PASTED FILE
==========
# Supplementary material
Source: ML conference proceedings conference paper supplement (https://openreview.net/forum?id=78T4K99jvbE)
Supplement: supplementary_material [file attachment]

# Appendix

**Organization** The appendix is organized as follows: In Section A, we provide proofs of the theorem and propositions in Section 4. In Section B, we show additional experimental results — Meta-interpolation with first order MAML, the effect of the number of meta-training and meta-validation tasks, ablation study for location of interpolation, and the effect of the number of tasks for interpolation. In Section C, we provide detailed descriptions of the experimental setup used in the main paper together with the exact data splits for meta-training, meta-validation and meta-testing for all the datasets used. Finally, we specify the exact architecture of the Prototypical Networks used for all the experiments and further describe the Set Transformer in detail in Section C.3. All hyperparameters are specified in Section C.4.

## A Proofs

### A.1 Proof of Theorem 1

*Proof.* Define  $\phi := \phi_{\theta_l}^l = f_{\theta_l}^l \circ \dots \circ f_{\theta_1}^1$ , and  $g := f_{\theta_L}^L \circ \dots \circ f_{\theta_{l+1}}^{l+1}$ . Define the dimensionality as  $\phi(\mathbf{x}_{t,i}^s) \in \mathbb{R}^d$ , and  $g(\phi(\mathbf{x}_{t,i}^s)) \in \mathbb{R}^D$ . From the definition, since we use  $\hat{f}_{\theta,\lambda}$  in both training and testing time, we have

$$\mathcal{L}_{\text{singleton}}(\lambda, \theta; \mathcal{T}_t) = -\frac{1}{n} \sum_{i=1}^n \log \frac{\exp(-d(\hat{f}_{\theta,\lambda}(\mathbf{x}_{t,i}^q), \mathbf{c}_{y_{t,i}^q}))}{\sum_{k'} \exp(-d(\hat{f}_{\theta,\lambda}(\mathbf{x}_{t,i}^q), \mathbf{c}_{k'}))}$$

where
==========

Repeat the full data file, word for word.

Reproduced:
# Supplementary material
Source: ML conference proceedings conference paper supplement (https://openreview.net/forum?id=78T4K99jvbE)
Supplement: supplementary_material [file attachment]

# Appendix

**Organization** The appendix is organized as follows: In Section A, we provide proofs of the theorem and propositions in Section 4. In Section B, we show additional experimental results — Meta-interpolation with first order MAML, the effect of the number of meta-training and meta-validation tasks, ablation study for location of interpolation, and the effect of the number of tasks for interpolation. In Section C, we provide detailed descriptions of the experimental setup used in the main paper together with the exact data splits for meta-training, meta-validation and meta-testing for all the datasets used. Finally, we specify the exact architecture of the Prototypical Networks used for all the experiments and further describe the Set Transformer in detail in Section C.3. All hyperparameters are specified in Section C.4.

## A Proofs

### A.1 Proof of Theorem 1

*Proof.* Define  $\phi := \phi_{\theta_l}^l = f_{\theta_l}^l \circ \dots \circ f_{\theta_1}^1$ , and  $g := f_{\theta_L}^L \circ \dots \circ f_{\theta_{l+1}}^{l+1}$ . Define the dimensionality as  $\phi(\mathbf{x}_{t,i}^s) \in \mathbb{R}^d$ , and  $g(\phi(\mathbf{x}_{t,i}^s)) \in \mathbb{R}^D$ . From the definition, since we use  $\hat{f}_{\theta,\lambda}$  in both training and testing time, we have

$$\mathcal{L}_{\text{singleton}}(\lambda, \theta; \mathcal{T}_t) = -\frac{1}{n} \sum_{i=1}^n \log \frac{\exp(-d(\hat{f}_{\theta,\lambda}(\mathbf{x}_{t,i}^q), \mathbf{c}_{y_{t,i}^q}))}{\sum_{k'} \exp(-d(\hat{f}_{\theta,\lambda}(\mathbf{x}_{t,i}^q), \mathbf{c}_{k'}))}$$

where